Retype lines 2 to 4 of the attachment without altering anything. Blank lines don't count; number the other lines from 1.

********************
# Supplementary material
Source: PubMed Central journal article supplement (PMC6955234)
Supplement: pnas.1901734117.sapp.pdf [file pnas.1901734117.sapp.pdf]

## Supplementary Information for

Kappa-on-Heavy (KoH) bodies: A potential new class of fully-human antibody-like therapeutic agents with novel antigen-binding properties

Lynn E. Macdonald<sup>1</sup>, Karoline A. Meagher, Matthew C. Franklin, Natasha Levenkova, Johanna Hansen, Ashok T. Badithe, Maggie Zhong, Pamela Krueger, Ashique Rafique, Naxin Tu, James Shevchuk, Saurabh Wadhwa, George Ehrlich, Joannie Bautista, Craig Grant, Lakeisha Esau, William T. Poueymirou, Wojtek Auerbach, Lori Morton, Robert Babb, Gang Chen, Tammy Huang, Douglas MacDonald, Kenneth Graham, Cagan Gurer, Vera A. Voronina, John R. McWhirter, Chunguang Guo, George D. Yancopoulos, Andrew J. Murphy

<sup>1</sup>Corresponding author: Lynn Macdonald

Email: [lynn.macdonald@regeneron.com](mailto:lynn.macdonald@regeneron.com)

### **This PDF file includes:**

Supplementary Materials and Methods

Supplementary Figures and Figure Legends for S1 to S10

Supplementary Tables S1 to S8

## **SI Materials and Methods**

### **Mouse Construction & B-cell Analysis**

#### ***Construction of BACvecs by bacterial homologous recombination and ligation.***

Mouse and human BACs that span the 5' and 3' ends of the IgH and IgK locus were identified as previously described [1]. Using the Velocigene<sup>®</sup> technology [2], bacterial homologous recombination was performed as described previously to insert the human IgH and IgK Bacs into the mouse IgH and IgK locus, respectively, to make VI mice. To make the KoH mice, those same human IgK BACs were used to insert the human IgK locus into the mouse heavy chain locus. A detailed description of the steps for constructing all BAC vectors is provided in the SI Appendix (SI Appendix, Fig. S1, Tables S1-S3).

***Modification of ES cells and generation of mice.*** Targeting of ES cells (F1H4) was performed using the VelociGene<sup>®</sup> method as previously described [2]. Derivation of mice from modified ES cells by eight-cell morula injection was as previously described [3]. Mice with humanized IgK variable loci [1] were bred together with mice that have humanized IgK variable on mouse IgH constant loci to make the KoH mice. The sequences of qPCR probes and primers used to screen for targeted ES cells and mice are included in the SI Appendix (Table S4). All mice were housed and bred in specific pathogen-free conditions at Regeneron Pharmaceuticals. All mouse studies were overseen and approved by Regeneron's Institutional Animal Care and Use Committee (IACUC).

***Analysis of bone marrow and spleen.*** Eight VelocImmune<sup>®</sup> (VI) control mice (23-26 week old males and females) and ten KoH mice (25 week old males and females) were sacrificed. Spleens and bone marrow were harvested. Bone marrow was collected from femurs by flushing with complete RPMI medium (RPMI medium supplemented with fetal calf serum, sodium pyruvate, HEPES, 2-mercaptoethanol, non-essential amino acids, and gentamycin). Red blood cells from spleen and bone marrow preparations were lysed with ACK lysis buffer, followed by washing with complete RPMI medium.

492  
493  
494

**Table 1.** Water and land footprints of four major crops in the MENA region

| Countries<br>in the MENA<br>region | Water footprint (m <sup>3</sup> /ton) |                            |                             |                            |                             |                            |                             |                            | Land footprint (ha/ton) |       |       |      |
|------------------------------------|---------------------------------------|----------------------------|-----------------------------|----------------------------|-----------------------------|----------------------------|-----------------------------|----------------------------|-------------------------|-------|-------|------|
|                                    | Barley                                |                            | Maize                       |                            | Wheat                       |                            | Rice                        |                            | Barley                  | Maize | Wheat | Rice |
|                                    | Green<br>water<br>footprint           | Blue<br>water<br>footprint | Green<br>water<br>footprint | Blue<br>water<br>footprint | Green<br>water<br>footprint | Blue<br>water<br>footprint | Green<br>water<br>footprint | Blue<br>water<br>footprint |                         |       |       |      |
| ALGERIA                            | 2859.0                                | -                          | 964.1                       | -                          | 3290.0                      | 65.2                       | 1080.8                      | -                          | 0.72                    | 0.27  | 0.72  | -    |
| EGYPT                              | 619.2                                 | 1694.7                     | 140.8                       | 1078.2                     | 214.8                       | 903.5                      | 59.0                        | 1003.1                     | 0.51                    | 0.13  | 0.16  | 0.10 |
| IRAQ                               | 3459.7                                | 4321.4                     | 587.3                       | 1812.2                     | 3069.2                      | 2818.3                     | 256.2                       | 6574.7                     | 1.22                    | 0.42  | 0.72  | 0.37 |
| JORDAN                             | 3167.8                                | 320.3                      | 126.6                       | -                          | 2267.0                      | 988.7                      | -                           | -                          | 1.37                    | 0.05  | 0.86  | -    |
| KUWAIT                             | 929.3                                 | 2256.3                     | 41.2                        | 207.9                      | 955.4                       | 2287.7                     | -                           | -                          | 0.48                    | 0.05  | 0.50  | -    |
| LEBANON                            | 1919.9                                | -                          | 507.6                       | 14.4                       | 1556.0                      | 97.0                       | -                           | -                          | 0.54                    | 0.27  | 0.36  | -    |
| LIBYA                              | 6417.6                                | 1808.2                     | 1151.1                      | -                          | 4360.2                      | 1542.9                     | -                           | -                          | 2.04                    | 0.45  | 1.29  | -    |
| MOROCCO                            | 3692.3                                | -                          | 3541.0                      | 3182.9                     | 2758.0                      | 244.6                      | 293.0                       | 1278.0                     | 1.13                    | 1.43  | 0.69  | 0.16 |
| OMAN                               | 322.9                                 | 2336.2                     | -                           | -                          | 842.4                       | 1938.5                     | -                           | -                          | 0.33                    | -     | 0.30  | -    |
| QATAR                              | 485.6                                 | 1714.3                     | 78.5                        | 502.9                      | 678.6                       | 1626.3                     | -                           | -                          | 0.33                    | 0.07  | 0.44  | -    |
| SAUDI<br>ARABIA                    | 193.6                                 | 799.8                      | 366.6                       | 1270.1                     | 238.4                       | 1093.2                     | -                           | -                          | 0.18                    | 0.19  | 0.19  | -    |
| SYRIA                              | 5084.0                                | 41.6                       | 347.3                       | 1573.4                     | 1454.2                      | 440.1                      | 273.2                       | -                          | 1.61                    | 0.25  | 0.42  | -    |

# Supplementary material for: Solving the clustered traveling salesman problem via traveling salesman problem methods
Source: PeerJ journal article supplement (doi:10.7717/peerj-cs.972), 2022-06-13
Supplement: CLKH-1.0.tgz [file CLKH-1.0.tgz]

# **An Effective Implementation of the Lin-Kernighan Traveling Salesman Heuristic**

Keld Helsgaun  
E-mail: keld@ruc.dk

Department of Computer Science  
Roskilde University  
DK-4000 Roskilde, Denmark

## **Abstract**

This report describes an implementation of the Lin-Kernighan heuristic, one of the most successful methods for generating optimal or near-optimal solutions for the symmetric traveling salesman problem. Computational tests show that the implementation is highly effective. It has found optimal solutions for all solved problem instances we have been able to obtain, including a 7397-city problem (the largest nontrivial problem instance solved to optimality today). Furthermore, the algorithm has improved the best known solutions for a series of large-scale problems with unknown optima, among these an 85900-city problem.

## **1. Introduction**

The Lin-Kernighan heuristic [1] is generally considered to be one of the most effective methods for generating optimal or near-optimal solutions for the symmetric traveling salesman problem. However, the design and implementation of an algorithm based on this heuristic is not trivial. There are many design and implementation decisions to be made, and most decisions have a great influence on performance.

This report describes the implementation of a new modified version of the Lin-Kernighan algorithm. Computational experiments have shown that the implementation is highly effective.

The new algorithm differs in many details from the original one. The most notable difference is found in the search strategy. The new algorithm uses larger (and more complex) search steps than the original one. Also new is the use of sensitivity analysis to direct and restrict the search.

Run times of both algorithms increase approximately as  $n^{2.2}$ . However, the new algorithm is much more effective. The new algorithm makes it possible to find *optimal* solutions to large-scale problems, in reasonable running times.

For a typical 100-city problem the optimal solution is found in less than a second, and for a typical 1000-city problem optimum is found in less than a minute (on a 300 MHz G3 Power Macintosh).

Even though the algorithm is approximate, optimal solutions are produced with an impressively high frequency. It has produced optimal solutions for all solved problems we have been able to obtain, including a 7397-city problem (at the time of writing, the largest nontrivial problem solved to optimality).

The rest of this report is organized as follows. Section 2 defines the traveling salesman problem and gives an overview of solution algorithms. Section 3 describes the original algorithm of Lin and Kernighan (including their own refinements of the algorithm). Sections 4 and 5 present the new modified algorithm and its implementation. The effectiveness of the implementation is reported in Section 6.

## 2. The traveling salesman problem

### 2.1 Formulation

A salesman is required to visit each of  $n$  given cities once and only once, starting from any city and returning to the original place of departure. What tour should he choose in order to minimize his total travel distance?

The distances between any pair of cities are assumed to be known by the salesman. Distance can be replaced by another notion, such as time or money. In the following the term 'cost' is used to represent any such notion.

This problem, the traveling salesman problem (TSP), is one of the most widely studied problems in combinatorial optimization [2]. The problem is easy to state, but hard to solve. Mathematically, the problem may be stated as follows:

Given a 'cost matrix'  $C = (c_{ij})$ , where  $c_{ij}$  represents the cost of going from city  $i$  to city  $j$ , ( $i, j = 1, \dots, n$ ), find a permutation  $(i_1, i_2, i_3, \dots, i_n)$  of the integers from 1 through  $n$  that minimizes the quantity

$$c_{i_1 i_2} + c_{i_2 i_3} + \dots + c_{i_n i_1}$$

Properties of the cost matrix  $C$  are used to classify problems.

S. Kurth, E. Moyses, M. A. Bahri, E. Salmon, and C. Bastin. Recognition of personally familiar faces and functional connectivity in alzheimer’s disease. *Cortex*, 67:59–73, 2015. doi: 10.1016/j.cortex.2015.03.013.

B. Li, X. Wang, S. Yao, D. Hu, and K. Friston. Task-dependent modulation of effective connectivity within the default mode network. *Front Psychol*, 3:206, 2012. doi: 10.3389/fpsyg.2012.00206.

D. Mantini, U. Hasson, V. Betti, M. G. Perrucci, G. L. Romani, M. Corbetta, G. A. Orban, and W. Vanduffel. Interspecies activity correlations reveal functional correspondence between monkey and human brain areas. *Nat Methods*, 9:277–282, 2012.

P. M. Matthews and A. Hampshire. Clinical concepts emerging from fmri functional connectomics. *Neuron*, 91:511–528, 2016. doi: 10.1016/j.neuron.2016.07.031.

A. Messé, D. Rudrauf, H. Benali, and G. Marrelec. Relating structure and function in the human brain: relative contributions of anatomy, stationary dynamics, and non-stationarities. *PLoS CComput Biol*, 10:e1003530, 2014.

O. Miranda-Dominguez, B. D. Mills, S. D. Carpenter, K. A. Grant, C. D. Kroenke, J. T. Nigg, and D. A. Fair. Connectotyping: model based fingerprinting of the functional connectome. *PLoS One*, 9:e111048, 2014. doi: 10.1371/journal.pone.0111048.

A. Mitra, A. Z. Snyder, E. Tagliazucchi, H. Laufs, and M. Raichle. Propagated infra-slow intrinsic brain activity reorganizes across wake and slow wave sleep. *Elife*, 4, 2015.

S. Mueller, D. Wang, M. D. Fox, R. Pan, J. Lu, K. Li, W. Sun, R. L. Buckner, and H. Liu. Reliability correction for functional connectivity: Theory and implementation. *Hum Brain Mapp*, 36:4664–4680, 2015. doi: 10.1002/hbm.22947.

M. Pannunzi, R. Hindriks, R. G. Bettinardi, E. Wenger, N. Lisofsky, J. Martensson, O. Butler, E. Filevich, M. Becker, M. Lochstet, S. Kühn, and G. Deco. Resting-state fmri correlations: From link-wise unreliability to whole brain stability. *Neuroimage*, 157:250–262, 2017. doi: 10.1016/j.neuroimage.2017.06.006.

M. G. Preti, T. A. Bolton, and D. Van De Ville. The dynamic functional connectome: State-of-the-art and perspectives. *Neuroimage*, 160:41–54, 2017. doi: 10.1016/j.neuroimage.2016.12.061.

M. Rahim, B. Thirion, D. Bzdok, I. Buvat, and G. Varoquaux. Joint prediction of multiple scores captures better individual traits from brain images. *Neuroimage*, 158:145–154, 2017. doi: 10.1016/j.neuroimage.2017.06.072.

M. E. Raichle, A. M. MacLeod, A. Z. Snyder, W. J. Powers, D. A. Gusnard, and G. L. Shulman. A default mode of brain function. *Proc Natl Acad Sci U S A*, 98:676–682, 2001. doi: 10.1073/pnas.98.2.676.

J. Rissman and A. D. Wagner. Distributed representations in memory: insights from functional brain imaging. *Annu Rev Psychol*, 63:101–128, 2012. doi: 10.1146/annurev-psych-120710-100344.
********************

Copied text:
Source: PubMed Central journal article supplement (PMC6955234)
Supplement: pnas.1901734117.sapp.pdf [file pnas.1901734117.sapp.pdf]

## Supplementary Information for